# Three Forms for Writing Quantitative Hypotheses

The first form for writing a quantitative hypothesis is the null hypothesis. The null hypothesis is denoted by H0, where H stands for hypothesis and the subscript zero implies a there is no difference condition, and H0 is read as “H sub zero”. The null hypothesis is a statement about the value of one or more unknown parameters – of a population- that is viewed to be true until sufficient evidence to the contrary. A researcher investigating the effect of two fertilizers on the yield of wheat would come up with a null hypothesis like; there is no significant difference between fertilizer A and fertilizer B on the yield of wheat. The alternative or directional hypothesis is the second form for writing a quantitative hypothesis.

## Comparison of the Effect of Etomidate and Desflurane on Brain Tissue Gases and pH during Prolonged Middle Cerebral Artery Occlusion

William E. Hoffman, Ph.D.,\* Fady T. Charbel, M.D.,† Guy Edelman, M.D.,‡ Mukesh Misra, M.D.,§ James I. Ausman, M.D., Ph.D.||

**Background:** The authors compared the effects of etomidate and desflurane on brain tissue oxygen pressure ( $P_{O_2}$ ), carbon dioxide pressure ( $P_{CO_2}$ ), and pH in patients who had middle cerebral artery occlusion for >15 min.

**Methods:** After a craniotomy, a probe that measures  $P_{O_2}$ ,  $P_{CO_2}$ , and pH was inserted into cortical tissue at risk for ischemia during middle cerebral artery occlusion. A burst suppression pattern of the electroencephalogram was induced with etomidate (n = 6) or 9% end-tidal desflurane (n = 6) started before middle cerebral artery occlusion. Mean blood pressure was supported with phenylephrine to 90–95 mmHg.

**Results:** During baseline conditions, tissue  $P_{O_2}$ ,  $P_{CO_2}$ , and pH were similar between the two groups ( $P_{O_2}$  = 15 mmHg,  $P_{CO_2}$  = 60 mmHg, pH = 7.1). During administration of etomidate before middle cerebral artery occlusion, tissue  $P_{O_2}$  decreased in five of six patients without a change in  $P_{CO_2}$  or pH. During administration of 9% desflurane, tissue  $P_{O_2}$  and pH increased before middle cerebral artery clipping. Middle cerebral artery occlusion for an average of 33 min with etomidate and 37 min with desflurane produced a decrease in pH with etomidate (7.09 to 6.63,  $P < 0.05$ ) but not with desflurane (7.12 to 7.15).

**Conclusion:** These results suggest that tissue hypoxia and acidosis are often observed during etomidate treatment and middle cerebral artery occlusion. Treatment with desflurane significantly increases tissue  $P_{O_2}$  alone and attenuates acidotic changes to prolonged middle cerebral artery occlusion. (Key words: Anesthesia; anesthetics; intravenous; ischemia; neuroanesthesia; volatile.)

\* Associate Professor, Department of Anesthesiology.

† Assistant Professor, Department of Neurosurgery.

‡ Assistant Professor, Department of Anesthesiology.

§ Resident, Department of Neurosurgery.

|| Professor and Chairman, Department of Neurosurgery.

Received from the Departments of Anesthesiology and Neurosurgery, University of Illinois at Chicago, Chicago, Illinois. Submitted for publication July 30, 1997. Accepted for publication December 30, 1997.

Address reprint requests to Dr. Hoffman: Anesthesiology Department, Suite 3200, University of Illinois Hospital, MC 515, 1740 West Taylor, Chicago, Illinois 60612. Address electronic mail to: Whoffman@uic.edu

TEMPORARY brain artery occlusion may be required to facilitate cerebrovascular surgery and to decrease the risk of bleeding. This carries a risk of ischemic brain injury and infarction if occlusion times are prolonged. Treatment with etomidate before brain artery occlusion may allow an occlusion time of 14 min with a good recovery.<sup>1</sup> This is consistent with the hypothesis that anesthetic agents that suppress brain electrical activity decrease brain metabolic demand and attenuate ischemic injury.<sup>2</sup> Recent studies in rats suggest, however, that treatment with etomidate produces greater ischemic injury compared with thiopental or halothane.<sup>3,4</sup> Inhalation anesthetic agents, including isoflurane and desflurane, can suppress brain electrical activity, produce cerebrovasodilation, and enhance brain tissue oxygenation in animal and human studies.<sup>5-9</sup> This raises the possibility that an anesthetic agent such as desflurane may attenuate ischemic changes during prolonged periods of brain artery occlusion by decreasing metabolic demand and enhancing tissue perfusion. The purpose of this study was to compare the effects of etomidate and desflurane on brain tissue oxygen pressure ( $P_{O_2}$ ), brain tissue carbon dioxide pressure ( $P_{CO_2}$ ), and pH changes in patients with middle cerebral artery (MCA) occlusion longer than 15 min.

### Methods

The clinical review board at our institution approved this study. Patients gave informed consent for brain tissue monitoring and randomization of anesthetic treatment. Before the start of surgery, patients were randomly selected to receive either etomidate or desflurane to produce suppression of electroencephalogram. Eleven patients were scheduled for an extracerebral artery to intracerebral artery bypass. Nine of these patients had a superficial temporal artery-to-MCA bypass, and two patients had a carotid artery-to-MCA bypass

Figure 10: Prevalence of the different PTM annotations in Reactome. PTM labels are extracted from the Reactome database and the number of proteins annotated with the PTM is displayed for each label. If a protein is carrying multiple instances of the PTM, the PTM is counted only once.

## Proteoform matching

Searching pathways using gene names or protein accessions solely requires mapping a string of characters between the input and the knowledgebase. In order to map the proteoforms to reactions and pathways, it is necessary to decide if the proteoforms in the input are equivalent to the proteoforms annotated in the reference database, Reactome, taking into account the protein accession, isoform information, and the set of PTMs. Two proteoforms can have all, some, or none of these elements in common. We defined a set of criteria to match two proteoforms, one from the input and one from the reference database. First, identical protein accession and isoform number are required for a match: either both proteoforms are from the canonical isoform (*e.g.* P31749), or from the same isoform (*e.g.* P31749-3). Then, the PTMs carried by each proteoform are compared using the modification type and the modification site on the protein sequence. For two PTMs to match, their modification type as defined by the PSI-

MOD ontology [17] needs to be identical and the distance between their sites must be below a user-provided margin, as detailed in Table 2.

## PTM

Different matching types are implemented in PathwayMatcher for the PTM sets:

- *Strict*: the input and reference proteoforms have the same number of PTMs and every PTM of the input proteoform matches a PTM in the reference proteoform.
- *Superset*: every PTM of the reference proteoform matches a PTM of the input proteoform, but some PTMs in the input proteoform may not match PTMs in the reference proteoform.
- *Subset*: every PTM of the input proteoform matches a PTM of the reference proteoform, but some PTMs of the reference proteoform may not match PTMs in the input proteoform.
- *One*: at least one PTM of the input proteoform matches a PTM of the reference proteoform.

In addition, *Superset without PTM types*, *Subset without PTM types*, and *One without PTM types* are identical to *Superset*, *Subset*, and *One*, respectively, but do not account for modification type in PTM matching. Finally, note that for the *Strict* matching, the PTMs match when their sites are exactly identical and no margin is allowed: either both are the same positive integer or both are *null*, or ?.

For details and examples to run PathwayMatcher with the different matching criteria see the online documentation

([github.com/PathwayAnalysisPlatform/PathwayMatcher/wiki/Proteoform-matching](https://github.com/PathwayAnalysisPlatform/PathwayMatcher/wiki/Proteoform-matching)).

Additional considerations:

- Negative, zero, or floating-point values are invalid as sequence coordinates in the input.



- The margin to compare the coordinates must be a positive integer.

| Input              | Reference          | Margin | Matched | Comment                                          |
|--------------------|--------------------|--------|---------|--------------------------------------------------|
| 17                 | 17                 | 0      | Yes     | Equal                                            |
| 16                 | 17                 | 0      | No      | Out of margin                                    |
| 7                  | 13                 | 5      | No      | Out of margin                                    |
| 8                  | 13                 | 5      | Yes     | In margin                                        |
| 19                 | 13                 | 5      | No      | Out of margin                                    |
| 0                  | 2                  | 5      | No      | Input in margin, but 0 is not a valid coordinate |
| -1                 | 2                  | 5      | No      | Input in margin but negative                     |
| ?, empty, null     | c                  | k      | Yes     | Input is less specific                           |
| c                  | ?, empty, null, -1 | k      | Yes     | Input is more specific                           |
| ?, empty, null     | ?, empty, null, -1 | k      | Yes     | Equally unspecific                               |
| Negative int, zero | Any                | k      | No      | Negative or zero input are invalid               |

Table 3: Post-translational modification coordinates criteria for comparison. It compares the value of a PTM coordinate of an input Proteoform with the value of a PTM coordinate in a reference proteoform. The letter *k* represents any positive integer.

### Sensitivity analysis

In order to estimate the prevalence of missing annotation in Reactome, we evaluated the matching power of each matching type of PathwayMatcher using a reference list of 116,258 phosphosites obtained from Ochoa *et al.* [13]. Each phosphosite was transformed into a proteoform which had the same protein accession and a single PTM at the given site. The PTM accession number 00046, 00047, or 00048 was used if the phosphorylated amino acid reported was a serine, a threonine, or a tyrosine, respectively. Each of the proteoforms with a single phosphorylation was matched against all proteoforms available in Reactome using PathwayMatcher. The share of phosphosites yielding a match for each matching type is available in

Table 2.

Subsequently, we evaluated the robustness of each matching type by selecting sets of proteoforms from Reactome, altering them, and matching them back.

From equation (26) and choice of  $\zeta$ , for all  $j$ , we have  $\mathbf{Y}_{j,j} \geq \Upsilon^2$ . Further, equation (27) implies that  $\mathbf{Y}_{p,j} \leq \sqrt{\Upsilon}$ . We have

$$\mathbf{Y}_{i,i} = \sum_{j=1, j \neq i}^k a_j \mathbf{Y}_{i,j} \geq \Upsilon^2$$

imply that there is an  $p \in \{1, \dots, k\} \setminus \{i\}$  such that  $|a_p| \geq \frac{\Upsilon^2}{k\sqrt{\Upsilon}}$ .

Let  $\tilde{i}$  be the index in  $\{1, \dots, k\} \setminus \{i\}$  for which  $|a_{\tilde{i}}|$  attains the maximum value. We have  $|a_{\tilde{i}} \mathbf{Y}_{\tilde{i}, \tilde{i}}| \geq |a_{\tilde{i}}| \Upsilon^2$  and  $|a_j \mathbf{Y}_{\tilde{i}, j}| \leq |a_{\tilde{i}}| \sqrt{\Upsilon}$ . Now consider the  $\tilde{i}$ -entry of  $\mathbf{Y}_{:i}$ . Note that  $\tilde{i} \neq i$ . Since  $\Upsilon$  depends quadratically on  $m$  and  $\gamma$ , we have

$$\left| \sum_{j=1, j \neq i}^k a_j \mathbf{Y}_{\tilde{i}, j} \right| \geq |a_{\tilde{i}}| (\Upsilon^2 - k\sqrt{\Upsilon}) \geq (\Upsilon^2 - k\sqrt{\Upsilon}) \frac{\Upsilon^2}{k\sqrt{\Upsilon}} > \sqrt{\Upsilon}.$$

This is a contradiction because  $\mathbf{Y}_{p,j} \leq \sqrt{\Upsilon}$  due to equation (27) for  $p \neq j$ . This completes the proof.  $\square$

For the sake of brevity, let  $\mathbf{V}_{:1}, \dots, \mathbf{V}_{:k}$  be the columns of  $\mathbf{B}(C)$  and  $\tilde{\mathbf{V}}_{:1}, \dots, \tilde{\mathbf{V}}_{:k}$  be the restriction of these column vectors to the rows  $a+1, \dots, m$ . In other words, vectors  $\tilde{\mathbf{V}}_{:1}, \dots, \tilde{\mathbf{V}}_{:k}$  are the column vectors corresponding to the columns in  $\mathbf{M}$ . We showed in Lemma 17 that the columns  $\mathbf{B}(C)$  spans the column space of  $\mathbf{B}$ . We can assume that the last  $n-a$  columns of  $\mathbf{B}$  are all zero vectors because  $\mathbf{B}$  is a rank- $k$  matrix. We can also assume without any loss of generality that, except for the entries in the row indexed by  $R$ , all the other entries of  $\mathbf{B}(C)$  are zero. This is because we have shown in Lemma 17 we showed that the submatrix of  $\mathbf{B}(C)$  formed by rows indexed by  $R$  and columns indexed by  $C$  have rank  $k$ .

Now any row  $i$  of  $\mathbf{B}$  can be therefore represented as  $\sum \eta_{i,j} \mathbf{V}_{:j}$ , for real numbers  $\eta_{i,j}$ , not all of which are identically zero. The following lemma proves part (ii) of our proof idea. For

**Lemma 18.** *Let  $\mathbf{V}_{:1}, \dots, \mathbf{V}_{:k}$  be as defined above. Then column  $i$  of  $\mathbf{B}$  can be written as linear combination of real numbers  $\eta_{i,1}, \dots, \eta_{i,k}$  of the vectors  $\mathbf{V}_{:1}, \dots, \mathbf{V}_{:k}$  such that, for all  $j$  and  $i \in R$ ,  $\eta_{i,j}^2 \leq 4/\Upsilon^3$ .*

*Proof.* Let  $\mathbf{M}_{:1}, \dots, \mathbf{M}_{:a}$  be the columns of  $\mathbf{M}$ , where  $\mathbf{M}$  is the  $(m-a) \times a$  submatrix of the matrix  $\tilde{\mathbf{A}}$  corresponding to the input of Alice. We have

This form is popular in journal articles. In an alternative or directional hypothesis, the researcher predicts an expected outcome of something. The basis of the researcher’s prediction is on literature and studies that project the prediction as a possible outcome. An example of an alternative or directional hypothesis is; Mathematics scores for this class will be higher than for the previous class. The non-directional hypothesis is the third form for writing a quantitative hypothesis, and in this form, the researcher’s prediction does not specify the exact form of difference (e.g., more, less).

The reason why the researcher does not specify the exact difference, as is the case in non-directional hypothesis, is that past materials or studies available to the researcher do not contain any predictions and so limit the researcher’s prediction. An example of a non-directional hypothesis would be the statement; individual members of communities living along water bodies with fish possess a high level of IQ owing to the high consumption of fish.